Advance Directive for Healthcare 2016-12-22T06:23:27+00:00

Advance Directive for Healthcare

Designating an Agent to Act on Your Behalf

It’s difficult to predict what will happen to us in the future, but there are common medical dilemmas many people and their loved ones wind up facing after an accident, illness, or injury, or when aging sets in. An Advance Directive for Health Care is meant to address those issues for you by pre-planning the decisions you want made regarding your medical care in the event you are unable to make decisions for yourself if and when that time comes. An Advance Directive for Healthcare names an agent to act on your behalf and provides your agent with advice regarding your preferences to medical treatments during certain medical situations. It also contains a “Living Will,” which directs whether or not you want life-sustaining procedures to be withheld or withdrawn in the event you become incapacitated due to a terminal illness or lapse into a state of permanent unconsciousness. An Advance Directive for Health Care only allows your agent to make medical decisions on your behalf when you lack the capacity to do so for yourself. Your medical providers are required to follow the instructions you set forth in your Advance Directive.

When creating your Advance Directive for Health Care, you’ll be advised to select an initial health care agent as well as successor health care agents in the event that your initial agent is no longer willing or able to act as your agent.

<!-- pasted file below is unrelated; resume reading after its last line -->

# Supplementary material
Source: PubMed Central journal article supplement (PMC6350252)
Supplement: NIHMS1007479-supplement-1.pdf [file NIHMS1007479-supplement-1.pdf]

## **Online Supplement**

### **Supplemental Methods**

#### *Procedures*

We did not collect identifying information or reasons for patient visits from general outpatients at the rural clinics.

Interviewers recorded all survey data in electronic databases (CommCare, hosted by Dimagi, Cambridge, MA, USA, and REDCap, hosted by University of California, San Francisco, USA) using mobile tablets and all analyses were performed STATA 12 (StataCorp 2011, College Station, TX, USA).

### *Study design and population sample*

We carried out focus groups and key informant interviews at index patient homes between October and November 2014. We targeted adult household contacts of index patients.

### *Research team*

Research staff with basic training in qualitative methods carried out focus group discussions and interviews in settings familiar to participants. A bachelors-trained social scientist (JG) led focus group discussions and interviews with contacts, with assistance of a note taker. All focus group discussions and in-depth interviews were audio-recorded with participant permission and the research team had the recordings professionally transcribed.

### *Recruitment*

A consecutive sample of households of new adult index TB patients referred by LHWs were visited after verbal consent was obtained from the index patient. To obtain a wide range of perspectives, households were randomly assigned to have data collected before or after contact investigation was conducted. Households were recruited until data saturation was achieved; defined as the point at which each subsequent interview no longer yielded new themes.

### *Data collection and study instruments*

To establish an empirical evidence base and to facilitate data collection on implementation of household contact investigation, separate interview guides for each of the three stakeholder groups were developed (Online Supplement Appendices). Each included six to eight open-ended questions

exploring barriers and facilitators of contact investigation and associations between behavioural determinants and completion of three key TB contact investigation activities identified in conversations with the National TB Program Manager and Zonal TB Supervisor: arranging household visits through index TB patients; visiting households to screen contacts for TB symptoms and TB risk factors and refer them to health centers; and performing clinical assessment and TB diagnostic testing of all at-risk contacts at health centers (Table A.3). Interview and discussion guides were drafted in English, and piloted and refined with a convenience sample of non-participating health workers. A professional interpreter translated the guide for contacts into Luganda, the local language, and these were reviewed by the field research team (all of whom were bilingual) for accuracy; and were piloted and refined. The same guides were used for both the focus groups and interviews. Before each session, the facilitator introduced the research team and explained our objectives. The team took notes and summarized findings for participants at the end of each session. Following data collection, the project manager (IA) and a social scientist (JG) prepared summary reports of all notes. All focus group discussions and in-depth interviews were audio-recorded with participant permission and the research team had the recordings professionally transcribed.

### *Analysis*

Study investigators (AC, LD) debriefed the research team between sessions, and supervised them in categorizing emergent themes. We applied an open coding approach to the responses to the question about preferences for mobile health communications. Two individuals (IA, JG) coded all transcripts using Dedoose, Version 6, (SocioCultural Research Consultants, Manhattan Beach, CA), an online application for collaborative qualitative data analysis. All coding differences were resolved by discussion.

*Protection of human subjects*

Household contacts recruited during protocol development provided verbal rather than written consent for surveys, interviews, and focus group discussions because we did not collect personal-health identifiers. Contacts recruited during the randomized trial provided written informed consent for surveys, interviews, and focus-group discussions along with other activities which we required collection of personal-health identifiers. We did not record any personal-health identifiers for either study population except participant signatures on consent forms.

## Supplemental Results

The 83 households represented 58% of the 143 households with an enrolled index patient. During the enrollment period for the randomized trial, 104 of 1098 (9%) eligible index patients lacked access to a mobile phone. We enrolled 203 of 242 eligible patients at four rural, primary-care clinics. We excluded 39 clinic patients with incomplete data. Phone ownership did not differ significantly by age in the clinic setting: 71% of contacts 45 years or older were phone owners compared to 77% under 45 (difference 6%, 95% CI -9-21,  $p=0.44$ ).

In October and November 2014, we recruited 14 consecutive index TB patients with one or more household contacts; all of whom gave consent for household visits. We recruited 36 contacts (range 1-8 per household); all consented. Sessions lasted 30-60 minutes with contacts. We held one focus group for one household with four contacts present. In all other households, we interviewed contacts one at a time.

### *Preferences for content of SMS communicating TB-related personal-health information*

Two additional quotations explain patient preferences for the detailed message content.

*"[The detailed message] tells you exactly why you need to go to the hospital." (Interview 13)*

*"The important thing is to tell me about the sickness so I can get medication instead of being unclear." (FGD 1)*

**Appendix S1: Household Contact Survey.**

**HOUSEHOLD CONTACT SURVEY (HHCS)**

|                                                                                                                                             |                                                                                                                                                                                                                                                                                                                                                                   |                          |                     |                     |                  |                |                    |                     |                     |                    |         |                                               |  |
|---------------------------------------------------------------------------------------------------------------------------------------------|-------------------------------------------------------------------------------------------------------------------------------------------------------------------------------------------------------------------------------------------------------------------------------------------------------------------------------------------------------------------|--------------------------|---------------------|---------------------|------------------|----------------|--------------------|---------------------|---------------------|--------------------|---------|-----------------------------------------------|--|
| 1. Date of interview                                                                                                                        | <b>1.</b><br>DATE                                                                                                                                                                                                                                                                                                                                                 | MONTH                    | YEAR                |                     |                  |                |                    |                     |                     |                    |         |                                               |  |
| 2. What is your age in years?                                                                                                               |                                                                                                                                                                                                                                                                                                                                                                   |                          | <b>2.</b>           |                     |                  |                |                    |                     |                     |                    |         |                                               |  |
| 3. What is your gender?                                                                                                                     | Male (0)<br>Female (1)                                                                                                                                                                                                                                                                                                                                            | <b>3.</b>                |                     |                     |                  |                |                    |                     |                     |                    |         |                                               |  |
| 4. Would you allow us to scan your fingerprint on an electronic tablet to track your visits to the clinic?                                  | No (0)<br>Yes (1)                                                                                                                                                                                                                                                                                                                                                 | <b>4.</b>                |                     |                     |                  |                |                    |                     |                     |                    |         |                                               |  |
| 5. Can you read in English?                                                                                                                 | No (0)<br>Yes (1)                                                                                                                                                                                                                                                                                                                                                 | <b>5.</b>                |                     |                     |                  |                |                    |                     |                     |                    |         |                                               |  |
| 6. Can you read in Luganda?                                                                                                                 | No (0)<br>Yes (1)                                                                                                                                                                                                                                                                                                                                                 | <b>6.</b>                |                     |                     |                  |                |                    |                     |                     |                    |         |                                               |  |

An Advance Directive for Health Care allows you to

  • Designate someone to make health care decisions for you
  • Decide what kind of medical care you would want under specific circumstances
  • Choose the types of treatments you want for end of life care
  • Pre-select a guardian for yourself, should you need one

The Advance Directive was adopted in Georgia in July 2007. The law essentially combined the prior Living Will and prior Durable Power of Attorney for Health Care into the Advance Directive for Health Care. Considering these changes and the “three year” rule of thumb for reviewing and updating estate-planning documents, everyone should now have a fresh Advance Directive for Health Care (post-July, 2007).

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